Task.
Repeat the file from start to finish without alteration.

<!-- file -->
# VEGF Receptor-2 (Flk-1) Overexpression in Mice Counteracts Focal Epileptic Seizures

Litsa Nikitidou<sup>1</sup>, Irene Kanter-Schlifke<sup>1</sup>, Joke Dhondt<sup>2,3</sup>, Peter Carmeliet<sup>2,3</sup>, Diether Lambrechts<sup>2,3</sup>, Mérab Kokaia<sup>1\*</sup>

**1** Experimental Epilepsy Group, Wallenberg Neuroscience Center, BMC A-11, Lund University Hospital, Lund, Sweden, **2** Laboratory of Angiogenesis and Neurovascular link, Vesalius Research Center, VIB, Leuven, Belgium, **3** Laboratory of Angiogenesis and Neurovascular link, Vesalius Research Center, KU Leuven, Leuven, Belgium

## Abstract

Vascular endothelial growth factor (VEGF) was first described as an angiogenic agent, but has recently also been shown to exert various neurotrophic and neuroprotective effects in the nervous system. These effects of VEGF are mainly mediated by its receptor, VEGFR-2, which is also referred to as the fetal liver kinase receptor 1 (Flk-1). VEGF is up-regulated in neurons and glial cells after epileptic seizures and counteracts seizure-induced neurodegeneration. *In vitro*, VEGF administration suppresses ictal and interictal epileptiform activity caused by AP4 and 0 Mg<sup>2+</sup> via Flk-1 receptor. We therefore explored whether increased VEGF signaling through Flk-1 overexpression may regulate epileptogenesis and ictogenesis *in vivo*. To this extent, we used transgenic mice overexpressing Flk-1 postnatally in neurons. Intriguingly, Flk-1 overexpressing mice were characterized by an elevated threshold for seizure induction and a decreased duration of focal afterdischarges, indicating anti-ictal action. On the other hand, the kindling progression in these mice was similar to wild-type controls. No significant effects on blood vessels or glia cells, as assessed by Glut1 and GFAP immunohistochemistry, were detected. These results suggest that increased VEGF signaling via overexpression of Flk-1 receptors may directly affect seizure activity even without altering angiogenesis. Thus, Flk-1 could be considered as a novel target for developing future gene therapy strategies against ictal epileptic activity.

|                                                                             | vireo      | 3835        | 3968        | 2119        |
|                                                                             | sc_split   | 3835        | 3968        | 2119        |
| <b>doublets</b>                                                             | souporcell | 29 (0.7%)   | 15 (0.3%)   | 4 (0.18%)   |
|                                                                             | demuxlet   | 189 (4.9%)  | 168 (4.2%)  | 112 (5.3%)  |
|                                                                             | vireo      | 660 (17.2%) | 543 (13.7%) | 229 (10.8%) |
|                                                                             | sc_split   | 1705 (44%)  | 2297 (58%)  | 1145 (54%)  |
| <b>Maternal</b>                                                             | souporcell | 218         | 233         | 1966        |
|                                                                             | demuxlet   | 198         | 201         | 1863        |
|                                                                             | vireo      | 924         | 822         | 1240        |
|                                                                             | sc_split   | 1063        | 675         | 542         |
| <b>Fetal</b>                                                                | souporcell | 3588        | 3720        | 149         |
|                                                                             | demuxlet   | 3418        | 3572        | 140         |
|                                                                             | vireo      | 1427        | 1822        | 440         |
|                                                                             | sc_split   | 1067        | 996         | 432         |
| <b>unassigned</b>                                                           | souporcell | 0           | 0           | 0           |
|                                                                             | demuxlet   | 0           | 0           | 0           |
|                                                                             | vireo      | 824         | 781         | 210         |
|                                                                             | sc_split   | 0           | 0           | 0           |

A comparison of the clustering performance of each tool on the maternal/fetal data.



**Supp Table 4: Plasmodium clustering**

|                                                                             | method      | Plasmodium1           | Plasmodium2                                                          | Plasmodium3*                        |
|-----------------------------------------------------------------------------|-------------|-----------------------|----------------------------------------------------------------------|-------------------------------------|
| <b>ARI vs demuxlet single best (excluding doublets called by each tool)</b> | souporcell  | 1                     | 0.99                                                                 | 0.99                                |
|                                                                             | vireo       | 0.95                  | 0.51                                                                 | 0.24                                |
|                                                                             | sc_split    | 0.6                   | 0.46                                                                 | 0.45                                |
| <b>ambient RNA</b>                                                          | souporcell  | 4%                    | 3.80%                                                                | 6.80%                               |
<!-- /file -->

# VEGF Receptor-2 (Flk-1) Overexpression in Mice Counteracts Focal Epileptic Seizures

Litsa Nikitidou<sup>1</sup>, Irene Kanter-Schlifke<sup>1</sup>, Joke Dhondt<sup>2,3</sup>, Peter Carmeliet<sup>2,3</sup>, Diether Lambrechts<sup>2,3</sup>, Mérab Kokaia<sup>1\*</sup>

**1** Experimental Epilepsy Group, Wallenberg Neuroscience Center, BMC A-11, Lund University Hospital, Lund, Sweden, **2** Laboratory of Angiogenesis and Neurovascular link, Vesalius Research Center, VIB, Leuven, Belgium, **3** Laboratory of Angiogenesis and Neurovascular link, Vesalius Research Center, KU Leuven, Leuven, Belgium

## Abstract

Vascular endothelial growth factor (VEGF) was first described as an angiogenic agent, but has recently also been shown to exert various neurotrophic and neuroprotective effects in the nervous system. These effects of VEGF are mainly mediated by its receptor, VEGFR-2, which is also referred to as the fetal liver kinase receptor 1 (Flk-1). VEGF is up-regulated in neurons and glial cells after epileptic seizures and counteracts seizure-induced neurodegeneration. *In vitro*, VEGF administration suppresses ictal and interictal epileptiform activity caused by AP4 and 0 Mg<sup>2+</sup> via Flk-1 receptor. We therefore explored whether increased VEGF signaling through Flk-1 overexpression may regulate epileptogenesis and ictogenesis *in vivo*. To this extent, we used transgenic mice overexpressing Flk-1 postnatally in neurons. Intriguingly, Flk-1 overexpressing mice were characterized by an elevated threshold for seizure induction and a decreased duration of focal afterdischarges, indicating anti-ictal action. On the other hand, the kindling progression in these mice was similar to wild-type controls. No significant effects on blood vessels or glia cells, as assessed by Glut1 and GFAP immunohistochemistry, were detected. These results suggest that increased VEGF signaling via overexpression of Flk-1 receptors may directly affect seizure activity even without altering angiogenesis. Thus, Flk-1 could be considered as a novel target for developing future gene therapy strategies against ictal epileptic activity.

|                                                                             | vireo      | 3835        | 3968        | 2119        |
|                                                                             | sc_split   | 3835        | 3968        | 2119        |
| <b>doublets</b>                                                             | souporcell | 29 (0.7%)   | 15 (0.3%)   | 4 (0.18%)   |
|                                                                             | demuxlet   | 189 (4.9%)  | 168 (4.2%)  | 112 (5.3%)  |
|                                                                             | vireo      | 660 (17.2%) | 543 (13.7%) | 229 (10.8%) |
|                                                                             | sc_split   | 1705 (44%)  | 2297 (58%)  | 1145 (54%)  |
| <b>Maternal</b>                                                             | souporcell | 218         | 233         | 1966        |
|                                                                             | demuxlet   | 198         | 201         | 1863        |
|                                                                             | vireo      | 924         | 822         | 1240        |
|                                                                             | sc_split   | 1063        | 675         | 542         |
| <b>Fetal</b>                                                                | souporcell | 3588        | 3720        | 149         |
|                                                                             | demuxlet   | 3418        | 3572        | 140         |
|                                                                             | vireo      | 1427        | 1822        | 440         |
|                                                                             | sc_split   | 1067        | 996         | 432         |
| <b>unassigned</b>                                                           | souporcell | 0           | 0           | 0           |
|                                                                             | demuxlet   | 0           | 0           | 0           |
|                                                                             | vireo      | 824         | 781         | 210         |
|                                                                             | sc_split   | 0           | 0           | 0           |

A comparison of the clustering performance of each tool on the maternal/fetal data.



**Supp Table 4: Plasmodium clustering**

|                                                                             | method      | Plasmodium1           | Plasmodium2                                                          | Plasmodium3*                        |
|-----------------------------------------------------------------------------|-------------|-----------------------|----------------------------------------------------------------------|-------------------------------------|
| <b>ARI vs demuxlet single best (excluding doublets called by each tool)</b> | souporcell  | 1                     | 0.99                                                                 | 0.99                                |
|                                                                             | vireo       | 0.95                  | 0.51                                                                 | 0.24                                |
|                                                                             | sc_split    | 0.6                   | 0.46                                                                 | 0.45                                |
| <b>ambient RNA</b>                                                          | souporcell  | 4%                    | 3.80%                                                                | 6.80%                               |